Warning: Fed Watching Can Be Fatal
The financial media should come with a warning label these days.
Similar to the one you’d find on a pack of cigarettes.
“Beware: What you’re about to see is hazardous to your health.”
That’s because helter-skelter coverage of what the Fed might do next has become so stressful it may cause an aneurysm if you pay attention…
For the past few weeks, the media’s been priming us for a Fed rate hike at its June meeting.
We’ve been inundated with anticipatory headlines like these…
“Fed Is Seriously Considering Raising Interest Rates in June” – New York Times
“A Fed Reserve Head Says Conditions Are Almost Right for June Rate Hike” – Fortune
And we’ve been hit with quotes from Federal Reserve Bank members like Richmond President Jeffrey Lacker, who said: “I think the case would be very strong for raising rates in June.”
Even the Fed chair herself, Janet Yellen, did little to slow the June rate hike momentum in a speech right before Memorial Day weekend.
Make no mistake, a Fed rate hike looked to be coming our way in June. And the investment landscape was going to change dramatically.
Tension was building because the last rate hike in December 2015 was followed by a bout of global market turmoil.
But what a difference a day makes…
A Stunning Reversal
Everything changed in a moment last Friday…
The U.S. Department of Labor reported a deeply disappointing jobs number.
Nonfarm payrolls rose by a seasonally adjusted 38,000 in May. That’s the weakest jobs figure since September 2010.
That number was more than 100,000 lower than analysts’ estimates.
And the media started hyperventilating again…
You know that June rate hike they were telling you was near certain on Thursday? Yeah, not so much on Friday.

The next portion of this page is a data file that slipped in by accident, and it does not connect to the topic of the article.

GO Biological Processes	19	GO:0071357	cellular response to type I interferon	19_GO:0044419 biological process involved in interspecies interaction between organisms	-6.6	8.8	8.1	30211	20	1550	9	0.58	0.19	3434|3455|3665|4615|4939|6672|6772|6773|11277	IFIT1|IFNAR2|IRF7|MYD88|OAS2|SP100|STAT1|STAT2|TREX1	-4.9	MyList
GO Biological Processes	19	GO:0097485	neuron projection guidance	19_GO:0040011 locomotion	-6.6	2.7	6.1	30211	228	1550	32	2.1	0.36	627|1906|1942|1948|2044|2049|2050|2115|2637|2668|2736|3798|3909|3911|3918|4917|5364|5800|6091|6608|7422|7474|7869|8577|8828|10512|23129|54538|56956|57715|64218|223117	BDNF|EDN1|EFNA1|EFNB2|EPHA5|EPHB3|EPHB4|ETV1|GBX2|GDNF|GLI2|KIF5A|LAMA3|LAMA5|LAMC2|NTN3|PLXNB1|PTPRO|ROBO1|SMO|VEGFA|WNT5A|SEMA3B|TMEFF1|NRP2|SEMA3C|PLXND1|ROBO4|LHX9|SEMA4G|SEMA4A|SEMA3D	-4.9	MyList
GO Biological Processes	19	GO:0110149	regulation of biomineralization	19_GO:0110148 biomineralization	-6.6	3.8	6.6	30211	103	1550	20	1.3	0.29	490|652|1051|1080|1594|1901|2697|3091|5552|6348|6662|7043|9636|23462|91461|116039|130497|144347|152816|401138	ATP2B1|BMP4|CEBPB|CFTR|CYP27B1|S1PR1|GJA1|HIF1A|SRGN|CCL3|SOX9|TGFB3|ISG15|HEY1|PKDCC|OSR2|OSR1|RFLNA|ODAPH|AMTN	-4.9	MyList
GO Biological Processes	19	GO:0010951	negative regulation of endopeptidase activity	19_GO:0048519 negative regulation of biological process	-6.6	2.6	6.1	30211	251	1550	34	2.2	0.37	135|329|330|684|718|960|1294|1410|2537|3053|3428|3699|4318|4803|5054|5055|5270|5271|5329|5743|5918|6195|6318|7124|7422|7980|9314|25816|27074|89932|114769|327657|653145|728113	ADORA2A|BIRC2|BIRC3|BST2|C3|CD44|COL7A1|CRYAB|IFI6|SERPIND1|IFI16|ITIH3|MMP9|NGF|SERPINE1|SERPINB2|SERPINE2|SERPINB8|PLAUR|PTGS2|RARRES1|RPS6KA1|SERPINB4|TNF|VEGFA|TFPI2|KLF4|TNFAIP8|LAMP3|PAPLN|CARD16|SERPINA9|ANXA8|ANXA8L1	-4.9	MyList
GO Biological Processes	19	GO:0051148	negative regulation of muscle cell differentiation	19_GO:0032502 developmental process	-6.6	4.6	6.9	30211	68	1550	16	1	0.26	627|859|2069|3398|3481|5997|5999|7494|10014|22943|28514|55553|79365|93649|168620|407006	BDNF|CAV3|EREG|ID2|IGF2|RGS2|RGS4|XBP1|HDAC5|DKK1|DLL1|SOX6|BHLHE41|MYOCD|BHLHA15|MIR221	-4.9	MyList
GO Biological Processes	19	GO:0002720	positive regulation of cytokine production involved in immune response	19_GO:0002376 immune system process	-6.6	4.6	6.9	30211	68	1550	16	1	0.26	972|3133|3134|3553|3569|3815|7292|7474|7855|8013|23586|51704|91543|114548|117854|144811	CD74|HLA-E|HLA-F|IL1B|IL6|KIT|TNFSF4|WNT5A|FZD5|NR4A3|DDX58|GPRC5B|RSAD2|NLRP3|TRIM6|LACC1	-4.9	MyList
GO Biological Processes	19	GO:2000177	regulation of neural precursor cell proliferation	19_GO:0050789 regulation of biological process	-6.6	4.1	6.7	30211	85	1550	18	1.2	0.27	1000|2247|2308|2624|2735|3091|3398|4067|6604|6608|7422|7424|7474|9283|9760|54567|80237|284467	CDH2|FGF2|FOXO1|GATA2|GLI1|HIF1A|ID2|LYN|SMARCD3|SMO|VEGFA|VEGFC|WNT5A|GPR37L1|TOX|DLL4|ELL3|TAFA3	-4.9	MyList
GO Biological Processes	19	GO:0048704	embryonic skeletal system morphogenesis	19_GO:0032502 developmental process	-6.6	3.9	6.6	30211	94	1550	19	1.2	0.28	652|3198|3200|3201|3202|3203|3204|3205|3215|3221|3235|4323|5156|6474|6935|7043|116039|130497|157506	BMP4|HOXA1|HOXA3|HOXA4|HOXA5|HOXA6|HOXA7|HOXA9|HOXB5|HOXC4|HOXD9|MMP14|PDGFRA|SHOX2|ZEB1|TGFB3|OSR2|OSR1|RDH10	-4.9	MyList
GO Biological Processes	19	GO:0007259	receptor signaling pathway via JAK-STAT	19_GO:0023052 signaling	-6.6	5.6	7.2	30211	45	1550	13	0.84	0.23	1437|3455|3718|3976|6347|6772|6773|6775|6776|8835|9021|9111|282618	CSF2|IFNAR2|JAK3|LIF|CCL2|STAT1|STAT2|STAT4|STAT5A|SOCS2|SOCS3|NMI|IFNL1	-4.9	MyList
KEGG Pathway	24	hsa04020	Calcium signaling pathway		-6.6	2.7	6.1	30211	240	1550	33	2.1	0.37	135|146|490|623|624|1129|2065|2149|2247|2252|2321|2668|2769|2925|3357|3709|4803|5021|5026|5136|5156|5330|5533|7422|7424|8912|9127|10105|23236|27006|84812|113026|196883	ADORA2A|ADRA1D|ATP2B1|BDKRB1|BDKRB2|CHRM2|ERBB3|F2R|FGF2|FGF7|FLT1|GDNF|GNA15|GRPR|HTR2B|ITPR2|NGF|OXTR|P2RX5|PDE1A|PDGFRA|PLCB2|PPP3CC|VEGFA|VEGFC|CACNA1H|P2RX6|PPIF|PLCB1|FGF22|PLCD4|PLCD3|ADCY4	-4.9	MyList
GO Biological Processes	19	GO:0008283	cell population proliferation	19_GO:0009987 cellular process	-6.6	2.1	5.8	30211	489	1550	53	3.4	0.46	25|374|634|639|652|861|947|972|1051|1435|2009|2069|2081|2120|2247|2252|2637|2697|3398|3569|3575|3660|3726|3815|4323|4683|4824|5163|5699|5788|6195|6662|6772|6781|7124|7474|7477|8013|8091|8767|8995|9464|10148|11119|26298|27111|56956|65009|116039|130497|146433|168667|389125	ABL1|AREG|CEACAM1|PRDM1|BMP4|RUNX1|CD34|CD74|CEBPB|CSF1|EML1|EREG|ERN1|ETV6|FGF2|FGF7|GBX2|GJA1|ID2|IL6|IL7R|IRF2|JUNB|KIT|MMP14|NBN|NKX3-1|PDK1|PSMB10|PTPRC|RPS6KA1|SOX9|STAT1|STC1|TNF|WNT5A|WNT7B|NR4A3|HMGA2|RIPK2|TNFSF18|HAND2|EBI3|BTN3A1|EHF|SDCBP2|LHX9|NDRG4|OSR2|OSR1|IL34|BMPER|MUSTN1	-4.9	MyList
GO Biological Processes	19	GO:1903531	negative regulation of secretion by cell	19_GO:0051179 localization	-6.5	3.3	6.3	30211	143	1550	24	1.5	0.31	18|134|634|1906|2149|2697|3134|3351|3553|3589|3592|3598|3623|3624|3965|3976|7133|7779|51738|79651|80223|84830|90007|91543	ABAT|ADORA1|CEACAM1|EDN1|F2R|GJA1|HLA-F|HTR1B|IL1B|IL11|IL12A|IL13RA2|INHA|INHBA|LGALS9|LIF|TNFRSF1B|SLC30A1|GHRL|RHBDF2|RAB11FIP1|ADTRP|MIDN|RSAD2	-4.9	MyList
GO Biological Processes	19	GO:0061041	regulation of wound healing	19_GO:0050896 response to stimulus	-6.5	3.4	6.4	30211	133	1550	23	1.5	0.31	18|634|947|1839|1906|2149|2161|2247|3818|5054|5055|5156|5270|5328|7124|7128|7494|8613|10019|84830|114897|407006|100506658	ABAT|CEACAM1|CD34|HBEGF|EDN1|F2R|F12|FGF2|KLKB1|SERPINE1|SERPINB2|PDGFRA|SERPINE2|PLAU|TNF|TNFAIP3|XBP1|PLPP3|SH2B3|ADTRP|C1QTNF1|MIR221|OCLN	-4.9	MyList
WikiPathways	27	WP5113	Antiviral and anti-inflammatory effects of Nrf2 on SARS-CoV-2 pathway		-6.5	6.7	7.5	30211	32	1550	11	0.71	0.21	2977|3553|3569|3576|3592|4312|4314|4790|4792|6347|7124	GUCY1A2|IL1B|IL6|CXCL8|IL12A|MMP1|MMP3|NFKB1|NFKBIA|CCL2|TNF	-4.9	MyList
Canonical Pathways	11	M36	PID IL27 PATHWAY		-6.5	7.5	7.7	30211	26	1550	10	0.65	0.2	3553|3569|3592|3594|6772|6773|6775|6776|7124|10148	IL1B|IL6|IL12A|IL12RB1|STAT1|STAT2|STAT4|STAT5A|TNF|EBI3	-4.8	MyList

Before the ink was dry on their rate hike headlines, the mainstream media immediately starting churning out a new spin…
“Sharp Fall in US Hiring Saps Chance of Fed Rate Increase in June” – New York Times
“Don’t Expect the Fed to Raise Interest Rates This Month” – Fortune
And they ran with a quote from Federal Reserve Governor Lael Brainard, who said there was an “advantage to waiting until developments provide greater confidence” before raising rates.
Wall Street responded with a panic attack. Traders flooded back to the safety of short-term Treasuries. And the dollar weakened against its peers.
The whole investment landscape changed again… just like that.
You know what I was doing while Wall Street was freaking out about the jobs report and what it means for the Fed?
Why was I unfazed by the same developments that were roiling the financial world?
Because I refuse to play that game.
I know that a few days from now some new statistic or quote is going to be released that will cause the chattering class to hyperventilate all over again.
Wash, rinse, and repeat.
The media will churn out more breathless headlines about what it all might mean.
They’ll be more gnashing of teeth on Wall Street about what it might cause the Fed to do.
And market watchers who choose to play this inane game will be stressing out all over again.
Trend followers hit the mute button when the noise starts.
You can’t afford to waste your time and money investing on hypotheticals. Trade only on what you can see and verify… and that’s price movements.
That’s just what we did with our gold recommendations in our Trend Following monthly letter.
Scores of investors got out of gold and gold stocks because they were certain the Fed would hike rates.
And a lot of my readers asked me: “Since the Fed is about to hike rates, shouldn’t we close our gold trades?”
My response? “No, the trend is up, so stay with the trend.”
So when the unemployment report shocked everyone… gold and gold stocks jumped way higher… and we made more money.
Not because we predicted the unemployment report… or how the market would react. But simply because we were following the trend.
So let go and find your own piece of investing Zen by becoming a trend follower. I promise it will do wonders not only for your portfolio, but also for your overall health.
Please send me your comments to email@example.com. Let me know what you think of today’s issue.